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Consol blames environmental lawsuits for W.Va. layoffs

By Chris Dickerson | Dec 9, 2009


CHARLESTON, W.Va. -- Consol Energy's announcement of nearly 500 impending layoffs in West Virginia likely will result in a long and troubling domino effect.

On Tuesday, the Pittsburgh-based company gave notice that it could lay off 482 workers and stop mountaintop mining at two Clay County facilities -- Little Eagle Coal Co. and Fola Coal Co.

Company and local officials were quick to point fingers at environmentalists who successfully have sued to block water quality permits to allow mountaintop mining at one of the sites. In November, U.S. District Judge Robert Chambers suspended Fola's permit for the Ike Fork portions of its operations. The order is effective Jan. 23.

Chambers ruled that public notices for permits failed to provide a clear understanding of the nature and magnitude of the mines or allow the public to be involved sufficiently in the permitting process. He ordered the U.S. Army Corps of Engineers to correct the problem with the permits, though he allowed both companies to continue "limited" mining for 60 days.

In a statement, Consol COO Nicholas DeIuliss blamed the shutdown on the Ohio Valley Environmental Coalition's push to fight permits granted under the federal Clean Water Act.

"It is unfortunate that, at a time when reliable and affordable energy is so desperately needed to reinvigorate our economy, that the nation's energy industries are coming under repeated assault from nuisance lawsuits and appeals of environmental regulations," DeIuliis said. "It is challenging enough to operate our coal and gas assets in the current economic downturn without having to contend with a constant stream of activism in rehashing and reinterpreting permit applications that have already been approved or in the inequitable oversight of our operations.

"Customers will grow reluctant to deal with energy producers they perceive are unable to guarantee a reliable supply due to regulatory uncertainty. It inhibits the ability to remain competitive.

"To put it into human terms, we are talking about the jobs of nearly 500 of our employees at the Fola Operations, and the impact such legal interpretations will have on their quality of life and that of their families."

Steve Roberts, president of the West Virginia Chamber of Commerce, said Consol's announcement is "a clear example of the devastation that ongoing environmental actions will have on workers and communities across our state."

"The 'war on coal/domestic energy' that is being waged by the Obama Administration, Congress, Robert Kennedy Jr., Al Gore, environmentalists and Hollywood celebrities is hitting home in West Virginia," Roberts said. "In Clay County alone, by some estimates the closure of this mine will cut school funding by up to 25 percent....and dramatically increase unemployment there."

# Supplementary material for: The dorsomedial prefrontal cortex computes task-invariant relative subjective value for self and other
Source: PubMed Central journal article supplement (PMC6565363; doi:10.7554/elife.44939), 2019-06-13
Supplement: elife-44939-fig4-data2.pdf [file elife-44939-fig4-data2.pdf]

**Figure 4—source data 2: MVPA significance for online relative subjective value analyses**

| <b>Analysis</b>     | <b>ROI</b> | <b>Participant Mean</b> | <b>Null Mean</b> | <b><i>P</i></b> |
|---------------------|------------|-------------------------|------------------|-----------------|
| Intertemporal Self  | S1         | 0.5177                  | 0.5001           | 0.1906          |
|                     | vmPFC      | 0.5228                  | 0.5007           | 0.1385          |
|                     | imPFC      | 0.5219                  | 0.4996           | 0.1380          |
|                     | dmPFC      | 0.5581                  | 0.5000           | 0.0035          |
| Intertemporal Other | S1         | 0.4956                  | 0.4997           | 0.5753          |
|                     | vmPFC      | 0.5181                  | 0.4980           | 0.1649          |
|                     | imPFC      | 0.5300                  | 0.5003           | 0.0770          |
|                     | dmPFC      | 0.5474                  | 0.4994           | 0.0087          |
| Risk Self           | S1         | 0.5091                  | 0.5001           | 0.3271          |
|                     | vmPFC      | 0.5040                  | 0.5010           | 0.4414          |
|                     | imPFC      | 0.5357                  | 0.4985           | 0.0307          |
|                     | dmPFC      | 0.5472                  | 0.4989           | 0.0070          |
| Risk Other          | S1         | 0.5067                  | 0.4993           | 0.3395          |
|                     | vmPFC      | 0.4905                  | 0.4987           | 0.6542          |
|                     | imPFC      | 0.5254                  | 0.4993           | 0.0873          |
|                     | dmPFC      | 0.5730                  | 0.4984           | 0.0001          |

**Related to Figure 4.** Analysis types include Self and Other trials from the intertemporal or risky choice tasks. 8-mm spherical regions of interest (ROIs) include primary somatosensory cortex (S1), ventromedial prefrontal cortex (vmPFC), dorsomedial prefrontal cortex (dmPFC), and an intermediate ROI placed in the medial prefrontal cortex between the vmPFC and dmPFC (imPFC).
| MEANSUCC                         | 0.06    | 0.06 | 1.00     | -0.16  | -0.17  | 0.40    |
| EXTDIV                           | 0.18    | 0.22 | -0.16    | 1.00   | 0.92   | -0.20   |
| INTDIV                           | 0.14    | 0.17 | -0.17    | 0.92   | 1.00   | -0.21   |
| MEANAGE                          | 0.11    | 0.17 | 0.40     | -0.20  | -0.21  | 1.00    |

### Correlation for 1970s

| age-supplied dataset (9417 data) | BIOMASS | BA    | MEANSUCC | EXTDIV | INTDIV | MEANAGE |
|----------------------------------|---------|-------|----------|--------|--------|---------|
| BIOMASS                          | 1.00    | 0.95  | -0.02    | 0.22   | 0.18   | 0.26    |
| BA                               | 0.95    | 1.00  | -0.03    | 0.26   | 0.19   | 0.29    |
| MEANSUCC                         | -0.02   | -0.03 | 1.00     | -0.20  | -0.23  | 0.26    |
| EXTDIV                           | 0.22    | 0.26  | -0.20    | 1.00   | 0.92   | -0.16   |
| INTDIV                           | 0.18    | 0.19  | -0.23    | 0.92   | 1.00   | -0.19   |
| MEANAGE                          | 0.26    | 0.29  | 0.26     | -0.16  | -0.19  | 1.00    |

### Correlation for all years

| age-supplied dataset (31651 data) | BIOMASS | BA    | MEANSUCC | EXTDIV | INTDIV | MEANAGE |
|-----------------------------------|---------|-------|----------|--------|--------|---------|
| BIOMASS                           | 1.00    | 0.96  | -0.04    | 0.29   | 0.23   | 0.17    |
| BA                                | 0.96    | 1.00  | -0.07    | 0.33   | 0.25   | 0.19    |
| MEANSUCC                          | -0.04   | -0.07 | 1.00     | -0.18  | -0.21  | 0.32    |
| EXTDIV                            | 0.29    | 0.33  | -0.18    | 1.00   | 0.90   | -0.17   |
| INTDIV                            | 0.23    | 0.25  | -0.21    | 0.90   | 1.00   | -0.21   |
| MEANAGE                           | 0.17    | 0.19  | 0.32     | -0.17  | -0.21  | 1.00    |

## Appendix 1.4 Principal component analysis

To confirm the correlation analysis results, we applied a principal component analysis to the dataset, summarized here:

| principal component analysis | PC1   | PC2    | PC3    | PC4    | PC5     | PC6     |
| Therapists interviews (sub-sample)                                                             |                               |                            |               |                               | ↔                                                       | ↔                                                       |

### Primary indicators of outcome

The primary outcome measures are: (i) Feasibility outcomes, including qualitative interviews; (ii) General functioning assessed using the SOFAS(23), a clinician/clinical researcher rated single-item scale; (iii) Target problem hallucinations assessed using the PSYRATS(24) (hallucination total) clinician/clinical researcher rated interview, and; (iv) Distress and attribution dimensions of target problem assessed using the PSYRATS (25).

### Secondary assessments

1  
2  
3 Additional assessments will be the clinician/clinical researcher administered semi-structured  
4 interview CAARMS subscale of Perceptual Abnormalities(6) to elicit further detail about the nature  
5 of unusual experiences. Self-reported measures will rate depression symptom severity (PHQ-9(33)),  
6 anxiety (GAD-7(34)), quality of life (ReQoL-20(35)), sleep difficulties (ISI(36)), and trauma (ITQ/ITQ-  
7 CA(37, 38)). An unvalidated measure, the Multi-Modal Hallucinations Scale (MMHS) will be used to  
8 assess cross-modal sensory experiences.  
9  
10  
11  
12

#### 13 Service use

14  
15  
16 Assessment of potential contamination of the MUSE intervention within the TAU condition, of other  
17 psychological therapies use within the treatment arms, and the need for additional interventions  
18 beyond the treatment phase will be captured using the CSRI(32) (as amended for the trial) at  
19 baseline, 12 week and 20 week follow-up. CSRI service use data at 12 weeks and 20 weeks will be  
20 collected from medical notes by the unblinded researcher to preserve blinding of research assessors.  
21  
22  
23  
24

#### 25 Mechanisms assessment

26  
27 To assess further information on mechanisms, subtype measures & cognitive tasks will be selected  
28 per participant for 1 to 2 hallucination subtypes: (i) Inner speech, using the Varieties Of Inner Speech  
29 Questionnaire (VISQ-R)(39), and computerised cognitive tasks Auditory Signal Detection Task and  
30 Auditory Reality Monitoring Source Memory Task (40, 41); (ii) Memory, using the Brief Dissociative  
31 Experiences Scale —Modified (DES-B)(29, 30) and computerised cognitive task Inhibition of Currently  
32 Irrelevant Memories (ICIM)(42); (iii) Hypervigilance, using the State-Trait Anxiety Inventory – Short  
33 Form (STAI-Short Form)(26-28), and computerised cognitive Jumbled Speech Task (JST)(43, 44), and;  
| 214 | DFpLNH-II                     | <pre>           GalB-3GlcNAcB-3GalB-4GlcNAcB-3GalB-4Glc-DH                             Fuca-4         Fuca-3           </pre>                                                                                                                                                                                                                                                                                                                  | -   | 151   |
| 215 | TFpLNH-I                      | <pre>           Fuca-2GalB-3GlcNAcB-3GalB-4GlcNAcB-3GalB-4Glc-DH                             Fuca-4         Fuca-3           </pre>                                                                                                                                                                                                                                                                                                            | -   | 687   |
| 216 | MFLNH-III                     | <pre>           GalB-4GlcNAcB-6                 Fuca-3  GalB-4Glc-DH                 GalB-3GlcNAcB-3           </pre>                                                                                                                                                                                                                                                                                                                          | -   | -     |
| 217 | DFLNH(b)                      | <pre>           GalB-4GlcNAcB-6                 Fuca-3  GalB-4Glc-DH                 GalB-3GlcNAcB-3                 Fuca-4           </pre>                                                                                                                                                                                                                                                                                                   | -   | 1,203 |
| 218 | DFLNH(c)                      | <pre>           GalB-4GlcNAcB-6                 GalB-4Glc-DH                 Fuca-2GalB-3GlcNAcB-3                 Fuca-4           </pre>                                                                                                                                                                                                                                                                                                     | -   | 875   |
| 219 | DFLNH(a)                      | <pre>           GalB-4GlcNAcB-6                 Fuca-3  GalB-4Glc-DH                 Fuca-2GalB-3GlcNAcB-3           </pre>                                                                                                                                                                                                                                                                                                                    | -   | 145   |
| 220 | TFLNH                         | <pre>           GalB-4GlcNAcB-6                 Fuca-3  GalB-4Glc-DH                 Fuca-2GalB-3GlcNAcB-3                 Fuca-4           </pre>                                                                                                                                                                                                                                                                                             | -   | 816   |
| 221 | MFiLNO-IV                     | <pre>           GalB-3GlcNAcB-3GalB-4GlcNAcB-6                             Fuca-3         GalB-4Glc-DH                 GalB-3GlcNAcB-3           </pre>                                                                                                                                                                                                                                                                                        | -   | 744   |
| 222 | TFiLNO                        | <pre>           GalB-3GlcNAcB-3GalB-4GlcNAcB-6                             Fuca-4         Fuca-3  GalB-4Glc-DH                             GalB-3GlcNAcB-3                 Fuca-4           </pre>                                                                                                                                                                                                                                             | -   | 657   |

Rep. Shelley Moore Capito, R-W.Va., called Consol's announcement a "sobering reminder" of the realities of the coal industry.

"Though today's sad news stems from action in our courts, we know that the practical differences between delays at the hand of the courts or at the hands of the EPA are few and far between," she said in a statement. "While some would have us believe that the EPA and government regulators are simply 'doing their job,' it is becoming quite clear that the combined impact of litigation and regulatory uncertainty poses a severe threat to the economic climate of our state."

The Fola mine is Clay County's largest private employer. Officials say the taxes on coal provide the "vast majority" of the county's local revenue. Last year, Clay County had nearly 200 coal miners, according to state date. And almost all of them worked at the Consol operations.

Jerry Linkinoggor, president of the Clay County Commission, told the Charleston Daily Mail that he expects Consol's announcement will mean further layoffs. Clay County already has one of the state's highest employment rates at 14.6 percent.

"We will lose jobs in county government due to loss in coal severance," he told the paper.

The EPA has a lock on 79 surface mining permits in West Virginia, Kentucky, Ohio and Tennessee. The EPA says these permits could violate the Clean Water Act and warrant "enhanced" review.

The Ohio Valley Environmental Coalition, the Sierra Club, the West Virginia Highlands Conservancy and the Coal River Mountain Watch were the various groups active on the legal challenge against Consol.

OVEC Executive Director Janet Keating told the Washington Times she thinks Consol is using the lawsuit as an excuse to layoff workers, but she admitted "we don't hide the fact we don't like mountaintop mining."

"The price of coal has dropped in half and I think we are a convenient target, a convenient scapegoat," she told the Times. "This ruling does not even go into effect for 60 more days so doesn't that tell you something?

"Suddenly, all the sudden they are issuing these layoff notices as if the world is ending."

Roberts of the state Chamber said other mining operations are reviewing future viability due to the EPA's mine permit review process and other federal actions. He noted workers at Arch Coal's Mingo Logan Spruce No. 1 mine face uncertainty due to an EPA announcement in mid-October that it was initiating a process to veto the issuance of the mine's 404 water discharge permit.

"Unless something changes, I suspect that today's announcement by Consol will be what is in store for many counties and communities in the southern half of our state," Roberts said Tuesday. "Coal operators will not be able to employ miners, produce coal and generate tax revenues if mine permits are revoked or disallowed.

"West Virginia's rural counties and the families who live and work in these communities need our state's leaders in Washington to help now."

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